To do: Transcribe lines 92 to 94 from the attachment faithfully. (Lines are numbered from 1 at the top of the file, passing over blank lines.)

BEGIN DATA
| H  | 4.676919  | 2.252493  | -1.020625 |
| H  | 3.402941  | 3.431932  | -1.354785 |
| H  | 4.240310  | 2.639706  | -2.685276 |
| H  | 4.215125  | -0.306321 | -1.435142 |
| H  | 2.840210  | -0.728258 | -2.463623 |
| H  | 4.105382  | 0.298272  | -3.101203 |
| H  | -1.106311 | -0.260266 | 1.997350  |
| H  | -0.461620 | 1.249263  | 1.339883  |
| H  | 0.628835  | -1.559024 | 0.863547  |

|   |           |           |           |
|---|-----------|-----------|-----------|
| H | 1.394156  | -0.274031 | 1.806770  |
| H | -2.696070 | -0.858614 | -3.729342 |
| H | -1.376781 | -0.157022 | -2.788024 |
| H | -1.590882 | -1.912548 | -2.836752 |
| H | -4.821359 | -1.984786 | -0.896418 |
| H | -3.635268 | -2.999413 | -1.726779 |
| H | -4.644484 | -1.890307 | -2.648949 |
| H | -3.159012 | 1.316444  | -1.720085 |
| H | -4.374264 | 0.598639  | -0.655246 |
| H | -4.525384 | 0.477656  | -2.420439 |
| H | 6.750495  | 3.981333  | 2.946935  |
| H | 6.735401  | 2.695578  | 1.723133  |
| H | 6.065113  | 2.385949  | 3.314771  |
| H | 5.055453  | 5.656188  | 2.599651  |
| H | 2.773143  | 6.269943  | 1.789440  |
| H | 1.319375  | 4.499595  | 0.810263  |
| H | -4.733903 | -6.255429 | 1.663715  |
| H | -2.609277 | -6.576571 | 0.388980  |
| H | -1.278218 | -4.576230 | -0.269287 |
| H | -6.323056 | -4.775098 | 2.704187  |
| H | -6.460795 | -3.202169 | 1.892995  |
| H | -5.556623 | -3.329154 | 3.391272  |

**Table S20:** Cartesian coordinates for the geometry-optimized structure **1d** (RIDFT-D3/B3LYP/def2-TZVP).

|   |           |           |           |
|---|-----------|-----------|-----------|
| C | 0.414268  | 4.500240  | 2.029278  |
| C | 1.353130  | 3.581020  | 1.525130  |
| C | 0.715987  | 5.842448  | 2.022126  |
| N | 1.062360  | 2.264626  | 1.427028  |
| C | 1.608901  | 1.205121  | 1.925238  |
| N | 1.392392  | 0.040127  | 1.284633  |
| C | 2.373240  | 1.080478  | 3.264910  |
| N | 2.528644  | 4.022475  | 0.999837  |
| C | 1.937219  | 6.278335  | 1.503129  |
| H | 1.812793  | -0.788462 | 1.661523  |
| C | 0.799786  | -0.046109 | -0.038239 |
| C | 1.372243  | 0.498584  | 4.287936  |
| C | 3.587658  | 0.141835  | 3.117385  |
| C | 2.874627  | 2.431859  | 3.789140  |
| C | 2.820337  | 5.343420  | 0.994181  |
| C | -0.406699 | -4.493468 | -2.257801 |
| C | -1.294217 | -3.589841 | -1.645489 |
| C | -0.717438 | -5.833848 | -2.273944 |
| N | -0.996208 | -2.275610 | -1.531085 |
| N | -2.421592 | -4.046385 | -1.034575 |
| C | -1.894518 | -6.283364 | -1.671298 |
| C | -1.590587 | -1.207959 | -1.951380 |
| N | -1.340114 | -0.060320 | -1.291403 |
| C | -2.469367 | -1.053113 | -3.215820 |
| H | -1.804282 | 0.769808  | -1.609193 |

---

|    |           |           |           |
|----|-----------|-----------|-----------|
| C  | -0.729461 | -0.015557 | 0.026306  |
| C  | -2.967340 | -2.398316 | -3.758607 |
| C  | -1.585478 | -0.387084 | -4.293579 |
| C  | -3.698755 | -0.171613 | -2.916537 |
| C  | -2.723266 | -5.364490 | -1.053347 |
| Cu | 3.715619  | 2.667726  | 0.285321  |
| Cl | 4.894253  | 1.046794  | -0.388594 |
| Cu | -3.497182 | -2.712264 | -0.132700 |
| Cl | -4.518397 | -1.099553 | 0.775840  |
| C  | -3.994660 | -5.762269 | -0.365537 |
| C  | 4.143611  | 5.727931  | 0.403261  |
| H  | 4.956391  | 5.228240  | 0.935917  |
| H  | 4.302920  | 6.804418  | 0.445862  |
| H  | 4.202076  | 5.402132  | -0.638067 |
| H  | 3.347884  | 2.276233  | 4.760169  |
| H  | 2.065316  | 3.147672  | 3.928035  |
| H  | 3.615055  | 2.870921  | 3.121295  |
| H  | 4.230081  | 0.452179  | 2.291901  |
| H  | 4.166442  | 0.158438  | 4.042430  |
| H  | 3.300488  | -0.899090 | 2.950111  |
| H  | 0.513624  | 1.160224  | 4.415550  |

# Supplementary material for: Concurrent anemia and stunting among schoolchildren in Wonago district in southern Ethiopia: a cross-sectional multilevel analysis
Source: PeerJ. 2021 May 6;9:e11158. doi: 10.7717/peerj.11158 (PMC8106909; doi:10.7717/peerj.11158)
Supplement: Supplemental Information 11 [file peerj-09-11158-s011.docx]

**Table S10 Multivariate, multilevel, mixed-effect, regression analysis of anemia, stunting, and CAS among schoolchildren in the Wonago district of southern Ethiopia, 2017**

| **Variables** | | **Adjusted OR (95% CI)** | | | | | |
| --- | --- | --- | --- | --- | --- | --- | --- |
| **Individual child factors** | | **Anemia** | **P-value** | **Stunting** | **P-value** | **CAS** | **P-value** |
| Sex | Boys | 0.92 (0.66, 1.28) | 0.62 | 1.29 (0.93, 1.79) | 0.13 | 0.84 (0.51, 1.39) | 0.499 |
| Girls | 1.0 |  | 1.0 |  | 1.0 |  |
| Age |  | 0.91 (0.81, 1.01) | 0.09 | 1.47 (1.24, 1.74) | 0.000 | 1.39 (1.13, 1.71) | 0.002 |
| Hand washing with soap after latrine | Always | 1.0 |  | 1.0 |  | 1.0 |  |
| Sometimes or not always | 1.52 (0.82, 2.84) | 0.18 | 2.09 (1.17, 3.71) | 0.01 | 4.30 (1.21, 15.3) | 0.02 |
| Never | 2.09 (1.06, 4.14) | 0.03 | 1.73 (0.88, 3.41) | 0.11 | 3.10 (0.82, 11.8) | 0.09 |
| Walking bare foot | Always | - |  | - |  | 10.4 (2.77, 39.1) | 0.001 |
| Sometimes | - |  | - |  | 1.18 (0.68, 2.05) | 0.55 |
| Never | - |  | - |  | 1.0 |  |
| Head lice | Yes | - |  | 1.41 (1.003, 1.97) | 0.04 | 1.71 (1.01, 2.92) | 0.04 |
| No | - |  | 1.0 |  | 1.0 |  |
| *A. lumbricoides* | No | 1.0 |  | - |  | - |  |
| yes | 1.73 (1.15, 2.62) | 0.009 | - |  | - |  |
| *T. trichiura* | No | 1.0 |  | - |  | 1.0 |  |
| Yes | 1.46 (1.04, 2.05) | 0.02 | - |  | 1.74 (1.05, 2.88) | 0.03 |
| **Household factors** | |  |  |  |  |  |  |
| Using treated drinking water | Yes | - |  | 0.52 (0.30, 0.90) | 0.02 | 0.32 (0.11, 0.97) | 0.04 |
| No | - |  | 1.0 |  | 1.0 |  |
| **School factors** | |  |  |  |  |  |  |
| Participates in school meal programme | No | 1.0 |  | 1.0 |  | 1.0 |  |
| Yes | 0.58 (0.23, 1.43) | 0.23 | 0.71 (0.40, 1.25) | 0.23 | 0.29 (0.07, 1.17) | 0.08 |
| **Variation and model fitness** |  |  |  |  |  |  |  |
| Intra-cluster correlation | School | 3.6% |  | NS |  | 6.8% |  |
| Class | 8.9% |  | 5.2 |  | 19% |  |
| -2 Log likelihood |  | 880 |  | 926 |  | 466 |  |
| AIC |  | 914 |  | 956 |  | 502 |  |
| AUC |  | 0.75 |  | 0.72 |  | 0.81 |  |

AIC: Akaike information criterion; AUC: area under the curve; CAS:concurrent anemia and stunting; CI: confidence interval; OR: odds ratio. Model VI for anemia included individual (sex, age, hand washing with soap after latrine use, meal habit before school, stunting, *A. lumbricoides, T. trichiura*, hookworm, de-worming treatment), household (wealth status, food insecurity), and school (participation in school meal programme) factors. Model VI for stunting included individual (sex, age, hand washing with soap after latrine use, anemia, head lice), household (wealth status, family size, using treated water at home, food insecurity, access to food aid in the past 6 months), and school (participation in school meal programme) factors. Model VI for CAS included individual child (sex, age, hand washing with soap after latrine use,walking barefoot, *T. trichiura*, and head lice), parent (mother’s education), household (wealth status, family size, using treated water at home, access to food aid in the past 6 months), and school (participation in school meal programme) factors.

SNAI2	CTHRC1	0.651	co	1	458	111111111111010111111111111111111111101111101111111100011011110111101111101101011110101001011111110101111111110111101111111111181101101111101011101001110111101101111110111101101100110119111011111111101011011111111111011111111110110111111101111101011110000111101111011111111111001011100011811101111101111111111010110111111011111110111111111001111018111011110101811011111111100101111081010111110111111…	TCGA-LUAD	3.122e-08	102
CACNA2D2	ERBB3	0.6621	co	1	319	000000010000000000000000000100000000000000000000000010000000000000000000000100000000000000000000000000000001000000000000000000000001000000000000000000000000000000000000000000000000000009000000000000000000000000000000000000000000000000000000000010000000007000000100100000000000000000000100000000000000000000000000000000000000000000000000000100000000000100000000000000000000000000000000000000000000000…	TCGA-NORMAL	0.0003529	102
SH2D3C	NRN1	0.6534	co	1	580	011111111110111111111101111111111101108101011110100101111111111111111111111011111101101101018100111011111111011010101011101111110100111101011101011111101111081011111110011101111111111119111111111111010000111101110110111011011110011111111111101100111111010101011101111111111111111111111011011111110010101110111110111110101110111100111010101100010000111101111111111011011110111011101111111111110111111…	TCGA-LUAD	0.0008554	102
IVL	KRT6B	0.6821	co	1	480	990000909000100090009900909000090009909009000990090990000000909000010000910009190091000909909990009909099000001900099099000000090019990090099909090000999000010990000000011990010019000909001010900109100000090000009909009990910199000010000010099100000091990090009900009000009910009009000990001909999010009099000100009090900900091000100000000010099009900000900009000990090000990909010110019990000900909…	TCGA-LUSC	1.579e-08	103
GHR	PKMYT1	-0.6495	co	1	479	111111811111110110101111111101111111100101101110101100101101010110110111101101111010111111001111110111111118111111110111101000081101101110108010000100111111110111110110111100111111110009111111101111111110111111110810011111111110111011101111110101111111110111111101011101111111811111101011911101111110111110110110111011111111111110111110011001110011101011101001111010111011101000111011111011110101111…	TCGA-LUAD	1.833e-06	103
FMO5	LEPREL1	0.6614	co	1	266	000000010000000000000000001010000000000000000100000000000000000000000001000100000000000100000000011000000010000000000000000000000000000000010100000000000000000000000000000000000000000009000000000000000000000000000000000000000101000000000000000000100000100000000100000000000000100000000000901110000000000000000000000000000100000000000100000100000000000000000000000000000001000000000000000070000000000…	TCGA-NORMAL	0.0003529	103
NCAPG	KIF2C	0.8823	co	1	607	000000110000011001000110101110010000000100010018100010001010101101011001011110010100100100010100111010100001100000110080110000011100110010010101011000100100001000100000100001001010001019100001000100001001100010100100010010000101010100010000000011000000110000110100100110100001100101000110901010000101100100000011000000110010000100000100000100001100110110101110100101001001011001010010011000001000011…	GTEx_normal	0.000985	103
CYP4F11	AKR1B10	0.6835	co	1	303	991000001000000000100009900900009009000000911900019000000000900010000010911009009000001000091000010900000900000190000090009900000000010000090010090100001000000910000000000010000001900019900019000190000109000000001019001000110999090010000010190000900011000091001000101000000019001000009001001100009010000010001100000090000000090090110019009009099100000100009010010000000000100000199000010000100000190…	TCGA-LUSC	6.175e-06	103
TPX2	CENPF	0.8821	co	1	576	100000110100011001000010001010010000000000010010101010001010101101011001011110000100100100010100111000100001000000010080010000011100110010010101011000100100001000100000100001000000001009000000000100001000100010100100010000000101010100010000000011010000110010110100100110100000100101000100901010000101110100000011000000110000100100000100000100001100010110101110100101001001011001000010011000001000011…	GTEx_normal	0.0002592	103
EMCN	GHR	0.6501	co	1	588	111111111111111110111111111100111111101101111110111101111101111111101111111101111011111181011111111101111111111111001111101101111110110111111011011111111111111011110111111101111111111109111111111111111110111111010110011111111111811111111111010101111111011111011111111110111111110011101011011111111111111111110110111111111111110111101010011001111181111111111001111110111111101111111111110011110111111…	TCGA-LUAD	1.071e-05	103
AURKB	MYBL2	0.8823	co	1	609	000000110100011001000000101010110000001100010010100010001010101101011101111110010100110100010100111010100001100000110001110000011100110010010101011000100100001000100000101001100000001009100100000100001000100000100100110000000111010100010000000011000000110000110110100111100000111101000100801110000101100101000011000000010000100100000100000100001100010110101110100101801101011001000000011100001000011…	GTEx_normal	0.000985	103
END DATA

| **Individual child factors** | | **Anemia** | **P-value** | **Stunting** | **P-value** | **CAS** | **P-value** |
| Sex | Boys | 0.92 (0.66, 1.28) | 0.62 | 1.29 (0.93, 1.79) | 0.13 | 0.84 (0.51, 1.39) | 0.499 |
| Girls | 1.0 |  | 1.0 |  | 1.0 |  |